While the text of Gore Vidal’s letter is included at the end of this interview, the subtext is far more complex.
For Vidal, one of the world’s greatest essayists as well as a novelist, screenwriter, and memoirist, raising awareness for the plight of millions of people is second nature and dovetails with his long history of political involvement. Gore Vidal, who still actively writes and is working with a biographer on a personal documentary, even seems to be safekeeping new information about breaching the long stand-off between diametrically opposed regimes (read: US, Middle East).

Here is Gore Vidal on politics, Presidents, and periodontics:

QUENDRITH JOHNSON: I’ve seen the letter you wrote recently to President Obama, do you think he will “get” it?
GORE VIDAL: He’s smart, don’t worry about that. The entire right wing in this country in America wants a war with Iran. They want the Israelis to bomb and kill everybody. Obama isn’t like that, but he certainly can’t go against them. He’s a politician after all.
QUENDRITH JOHNSON: You’ve said that most US Presidents have to live with about 30 corporations that are in power. Has that number increased? Is this where the pressure is coming from, the back rooms?
GORE VIDAL: No, I think it is misunderstanding the verb, live: you don’t have to “live” with them. You can dominate them. I watched Jack Kennedy do that, and he wasn’t even a powerful President; he was a powerful personality. He was not going to take any nonsense from anybody. I remember he told me, after I asked ‘what is it like to be President?’ He said ‘Well, I’ve heard of all of these famous people all my life, and I’ve met all of them by now. And there is not one with enough intelligence to come in out of the rain.’ He thought they were awful people.
QUENDRITH JOHNSON: Jack did? And he was a “C” student at Harvard, right?
GORE VIDAL: Anybody who rates anything by their grades in school, that is maniacal. I flunked English all the way through Exeter. Because I was the only one who would write, and they didn’t like that.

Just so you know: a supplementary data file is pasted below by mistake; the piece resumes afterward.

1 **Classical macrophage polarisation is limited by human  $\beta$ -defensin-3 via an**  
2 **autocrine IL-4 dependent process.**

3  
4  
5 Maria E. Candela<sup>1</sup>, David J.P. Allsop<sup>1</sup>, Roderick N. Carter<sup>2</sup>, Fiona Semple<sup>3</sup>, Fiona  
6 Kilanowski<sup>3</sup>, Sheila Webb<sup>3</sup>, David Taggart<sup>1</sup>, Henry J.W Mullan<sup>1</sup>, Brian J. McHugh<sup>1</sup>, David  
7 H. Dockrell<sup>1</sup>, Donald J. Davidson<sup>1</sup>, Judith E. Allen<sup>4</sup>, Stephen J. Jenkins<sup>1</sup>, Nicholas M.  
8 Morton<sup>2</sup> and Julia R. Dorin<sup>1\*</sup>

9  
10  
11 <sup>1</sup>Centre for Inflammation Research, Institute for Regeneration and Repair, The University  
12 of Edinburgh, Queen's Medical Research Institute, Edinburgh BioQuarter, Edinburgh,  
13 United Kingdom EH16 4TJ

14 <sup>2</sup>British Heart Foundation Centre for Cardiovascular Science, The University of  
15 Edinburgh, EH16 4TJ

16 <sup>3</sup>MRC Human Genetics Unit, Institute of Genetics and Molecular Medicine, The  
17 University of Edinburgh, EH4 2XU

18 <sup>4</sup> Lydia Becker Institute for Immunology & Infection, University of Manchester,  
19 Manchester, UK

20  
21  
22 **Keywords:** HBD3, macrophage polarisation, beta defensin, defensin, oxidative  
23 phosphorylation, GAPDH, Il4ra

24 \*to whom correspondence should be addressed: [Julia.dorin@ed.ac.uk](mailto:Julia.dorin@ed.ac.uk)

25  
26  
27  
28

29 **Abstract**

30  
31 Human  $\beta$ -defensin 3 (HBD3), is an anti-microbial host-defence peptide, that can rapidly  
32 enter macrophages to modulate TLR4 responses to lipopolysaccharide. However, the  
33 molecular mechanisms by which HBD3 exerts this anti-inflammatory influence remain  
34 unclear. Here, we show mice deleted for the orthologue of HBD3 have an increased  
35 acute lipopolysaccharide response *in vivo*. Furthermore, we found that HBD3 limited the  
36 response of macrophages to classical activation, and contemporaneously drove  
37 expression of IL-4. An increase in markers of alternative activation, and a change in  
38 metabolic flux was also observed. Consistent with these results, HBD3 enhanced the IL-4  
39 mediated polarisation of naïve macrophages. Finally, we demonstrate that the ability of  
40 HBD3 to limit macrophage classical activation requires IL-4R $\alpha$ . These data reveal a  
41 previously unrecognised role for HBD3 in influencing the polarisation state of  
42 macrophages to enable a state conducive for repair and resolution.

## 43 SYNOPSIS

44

QUENDRITH JOHNSON: You’ve mentioned that President Lincoln was in control of his generals and that he had the “Lincoln chill.” And I think there was a point where you suggested that Obama should take a hard line — and he just got back from Afghanistan —
GORE VIDAL: I don’t know what line he should take because I don’t know what cards he’s been dealt. I have no way of gauging it. I tell you what Lincoln did, he knew he had some of the goddamn-est bad generals anyone ever had. And if he didn’t get busy he was going to be impeached. If I were Congress, I would tell the President, if they really don’t like what he is doing, to report on Saturday. There is a special committee being called.
QUENDRITH JOHNSON: You know today he had a press conference. What are your views on our being in Afghanistan?
GORE VIDAL: It’s ridiculous. General Washington observed as he was leaving office, relieved to be as he was of this ghastly country: “Nations should never have friends or enemies, they have only interests.”
I would think a child of four could understand that, but not (all) Americans.
QUENDRITH JOHNSON: Speaking of raising awareness, Dr. Hessam Nowzari says that you are working to raise awareness about the issues involved in THE ENEMY OF THE SMILE, which addresses a problem that is a little more manageable than world politics. Regarding the bacteria, AA, I guess? He said you were fascinated that Hatshepsut (1503-1482 BC) died from it.
GORE VIDAL: Hatshepsut, the great Egyptian Queen, had it, this (oral bacteria). I can’t imagine Hatshepsut kissed all of her lovers. Because she only had one who was crazy about her, who was an architect. He painted his own picture on the back of the door to the funerary tomb in the Valley of the Kings where she got herself put.
QUENDRITH JOHNSON: Was she the only Egyptian female Pharaoh, I’m forgetting, I mean there was Nefertiti.
GORE VIDAL: She was a wife. But Hatshepsut was the Queen of Upper and Lower Egypt.
QUENDRITH JOHNSON: How old was she when she died?
HESSAM NOWZARI: She was only 49, very young. She had an abscess. We have a CAT scan of her skull. Clearly, you can see that she was affected by the AA bacteria, there is no way to reject it —
QUENDRITH JOHNSON: To refute it?
HESSAM NOWZARI: Absolutely. You can see her CAT scan in the film. I know it is very interesting.
They found a tooth very close to her body, and they thought it was from a thief, because thieves have raided these tombs all through the centuries. But that tooth fits exactly, in the socket, in her mouth. It was a molar.